As sad as it sounds, I do like a good personal finance spreadsheet. I like seeing what people track and how they do their formatting. So I thought it would be useful to share an example of my personal balance sheet in this post.
The principle of adding up your assets and liabilities is simple enough so I’m not going to teach you how to such eggs. But before I dive into my personal balance sheet example, I will touch on a couple of things I track and one thing I don’t:
- I track depreciation in my home and rental property, I break this down line by line in a separate spreadsheet. I mention this because most personal balance sheet examples don’t do this, so potentially this is a useful take away.
- I track my work notice period, pending salary and any bonuses. My work notice period is maybe a bit unusual, but the way I see it, this is a guaranteed pay that I can account for so it’s worth reporting.
- I don’t track the value of my home or rental property. I personally don’t find this useful. If prices are going up or down, so what? Unless I’m thinking of selling and leaving the country, then I don’t find the value useful.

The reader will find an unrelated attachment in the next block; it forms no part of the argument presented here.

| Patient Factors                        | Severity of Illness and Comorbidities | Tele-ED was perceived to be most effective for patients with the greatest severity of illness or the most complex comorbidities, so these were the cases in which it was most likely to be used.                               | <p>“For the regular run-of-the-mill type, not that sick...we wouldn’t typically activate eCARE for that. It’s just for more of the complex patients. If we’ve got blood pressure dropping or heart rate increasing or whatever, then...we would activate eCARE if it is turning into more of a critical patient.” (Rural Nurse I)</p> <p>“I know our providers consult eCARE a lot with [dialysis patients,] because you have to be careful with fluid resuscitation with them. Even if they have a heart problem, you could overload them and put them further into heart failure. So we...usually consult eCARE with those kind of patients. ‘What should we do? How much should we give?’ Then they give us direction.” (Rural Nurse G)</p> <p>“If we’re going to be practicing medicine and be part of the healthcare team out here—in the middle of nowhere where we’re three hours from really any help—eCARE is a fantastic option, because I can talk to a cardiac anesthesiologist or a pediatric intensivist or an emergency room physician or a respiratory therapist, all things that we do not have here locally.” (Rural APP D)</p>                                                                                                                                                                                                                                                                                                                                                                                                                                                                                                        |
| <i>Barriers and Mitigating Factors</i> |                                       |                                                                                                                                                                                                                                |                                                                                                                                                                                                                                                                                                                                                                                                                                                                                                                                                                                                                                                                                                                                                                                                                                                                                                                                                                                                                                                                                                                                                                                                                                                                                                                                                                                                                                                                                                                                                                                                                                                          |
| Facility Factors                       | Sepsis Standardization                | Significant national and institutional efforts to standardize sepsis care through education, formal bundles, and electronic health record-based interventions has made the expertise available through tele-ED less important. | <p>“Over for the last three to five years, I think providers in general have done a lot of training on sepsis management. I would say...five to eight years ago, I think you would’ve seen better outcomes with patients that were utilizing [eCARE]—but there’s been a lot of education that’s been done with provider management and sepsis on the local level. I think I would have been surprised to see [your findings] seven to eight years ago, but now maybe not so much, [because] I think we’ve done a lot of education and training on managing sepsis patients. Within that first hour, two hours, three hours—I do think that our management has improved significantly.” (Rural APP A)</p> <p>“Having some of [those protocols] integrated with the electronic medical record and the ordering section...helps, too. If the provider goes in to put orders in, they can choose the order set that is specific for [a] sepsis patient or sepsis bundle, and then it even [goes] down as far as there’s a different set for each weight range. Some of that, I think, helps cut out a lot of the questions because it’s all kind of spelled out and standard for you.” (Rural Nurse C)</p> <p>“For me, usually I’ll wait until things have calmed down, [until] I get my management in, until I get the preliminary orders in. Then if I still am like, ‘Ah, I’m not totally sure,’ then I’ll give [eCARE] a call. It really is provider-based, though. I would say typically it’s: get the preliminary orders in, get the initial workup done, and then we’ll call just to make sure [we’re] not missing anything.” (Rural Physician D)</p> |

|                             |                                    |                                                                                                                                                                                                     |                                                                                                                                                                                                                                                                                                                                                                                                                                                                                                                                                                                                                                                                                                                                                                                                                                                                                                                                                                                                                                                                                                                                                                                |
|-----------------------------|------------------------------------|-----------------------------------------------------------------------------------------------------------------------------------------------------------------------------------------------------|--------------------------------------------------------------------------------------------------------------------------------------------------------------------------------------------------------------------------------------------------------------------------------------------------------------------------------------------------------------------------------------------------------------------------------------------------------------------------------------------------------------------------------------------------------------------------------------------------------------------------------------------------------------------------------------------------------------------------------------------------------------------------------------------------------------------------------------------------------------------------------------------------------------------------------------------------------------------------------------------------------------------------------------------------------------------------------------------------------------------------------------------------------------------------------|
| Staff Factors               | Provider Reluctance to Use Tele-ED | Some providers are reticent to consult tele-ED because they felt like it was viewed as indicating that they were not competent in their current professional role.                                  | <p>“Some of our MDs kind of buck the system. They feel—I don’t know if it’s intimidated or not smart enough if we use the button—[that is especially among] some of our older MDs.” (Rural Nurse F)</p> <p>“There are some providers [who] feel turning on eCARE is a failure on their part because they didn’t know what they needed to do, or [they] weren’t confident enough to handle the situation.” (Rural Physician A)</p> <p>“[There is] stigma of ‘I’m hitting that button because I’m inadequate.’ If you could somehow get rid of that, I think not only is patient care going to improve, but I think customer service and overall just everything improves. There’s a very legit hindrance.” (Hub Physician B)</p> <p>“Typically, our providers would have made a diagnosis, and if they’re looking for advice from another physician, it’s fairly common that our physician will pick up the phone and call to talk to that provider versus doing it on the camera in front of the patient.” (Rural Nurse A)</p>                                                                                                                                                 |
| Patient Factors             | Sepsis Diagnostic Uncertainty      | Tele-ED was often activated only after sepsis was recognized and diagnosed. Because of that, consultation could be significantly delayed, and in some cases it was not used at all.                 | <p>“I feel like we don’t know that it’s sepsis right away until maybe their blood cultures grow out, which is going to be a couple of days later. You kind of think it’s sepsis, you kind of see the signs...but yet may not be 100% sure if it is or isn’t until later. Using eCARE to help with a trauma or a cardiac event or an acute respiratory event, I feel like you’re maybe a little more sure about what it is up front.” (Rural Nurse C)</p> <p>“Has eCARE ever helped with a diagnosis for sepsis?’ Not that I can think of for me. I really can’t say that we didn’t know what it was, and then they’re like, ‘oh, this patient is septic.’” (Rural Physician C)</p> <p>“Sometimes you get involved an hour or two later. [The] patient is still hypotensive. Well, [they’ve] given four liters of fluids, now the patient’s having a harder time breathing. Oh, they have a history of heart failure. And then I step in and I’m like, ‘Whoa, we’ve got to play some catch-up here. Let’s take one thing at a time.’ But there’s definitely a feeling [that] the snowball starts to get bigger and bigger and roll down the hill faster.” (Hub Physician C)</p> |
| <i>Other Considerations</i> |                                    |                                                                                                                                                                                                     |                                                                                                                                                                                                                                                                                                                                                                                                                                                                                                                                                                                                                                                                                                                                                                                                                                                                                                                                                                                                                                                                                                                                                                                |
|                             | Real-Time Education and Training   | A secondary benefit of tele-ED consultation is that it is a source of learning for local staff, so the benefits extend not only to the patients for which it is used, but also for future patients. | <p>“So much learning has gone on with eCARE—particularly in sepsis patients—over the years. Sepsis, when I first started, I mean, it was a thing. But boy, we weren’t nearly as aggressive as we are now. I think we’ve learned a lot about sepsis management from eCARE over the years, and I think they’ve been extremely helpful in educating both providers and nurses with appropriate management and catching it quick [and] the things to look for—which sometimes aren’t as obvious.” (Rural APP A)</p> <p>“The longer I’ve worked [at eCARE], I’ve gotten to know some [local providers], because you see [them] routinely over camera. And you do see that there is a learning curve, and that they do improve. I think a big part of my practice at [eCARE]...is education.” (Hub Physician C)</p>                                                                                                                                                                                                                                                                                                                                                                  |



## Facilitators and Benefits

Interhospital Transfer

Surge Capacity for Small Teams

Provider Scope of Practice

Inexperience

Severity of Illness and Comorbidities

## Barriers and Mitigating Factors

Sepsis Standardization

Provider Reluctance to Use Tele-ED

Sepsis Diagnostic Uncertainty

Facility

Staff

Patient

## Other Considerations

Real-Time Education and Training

Personal balance sheet example
Listed below is an example of my personal balance sheet. All my accounts that contain cash or highly liquid assets are under cash & cash equivalents. Any pending payments are listed under accounts receivable.
It’s obviously down to you how often you update your personal balance sheet. I personally, do it every 3 months or so. For me, much more than this feels like wasted effort.
You’ll notice that I have depreciation listed under liabilities, while that’s normal for a business, I haven’t seen many examples of personal balance sheets tracking this. This is a gaping hole in my opinion. When you start adding things up, you quickly realise that you have a lot of outstanding liabilities.
The deprecation value in my spreadsheet links to a separate sheet where I break down all my depreciating assets. Here’s an example of what I track in my flat:
Based on the average lifespan for things like an oven, it’s easy to calculate how much to save each month. You may be surprised how much you should be saving, I have a rental property and the total amount in my “depreciation pot” is over £40K. I’m possibly being conservative with asset lifespans, however, I’d rather have too much saved than not enough.
A final note on depreciation: you’ll receive tax relief for replacement assets if you have a rental property. So your depreciation values can factor this in, for example, if you’re in the 20% income tax bracket and a washing costs £500, you’ll receive £100 tax relief. You can factor this in your depreciation spreadsheet so that you’re not saving up too much unnecessarily.
Google Sheets template
If you want to access my sample personal balance sheet as a Google Sheets template then click below:
Let me know in the comments below if you have any questions, feedback or tips on how you keep track of your personal finances.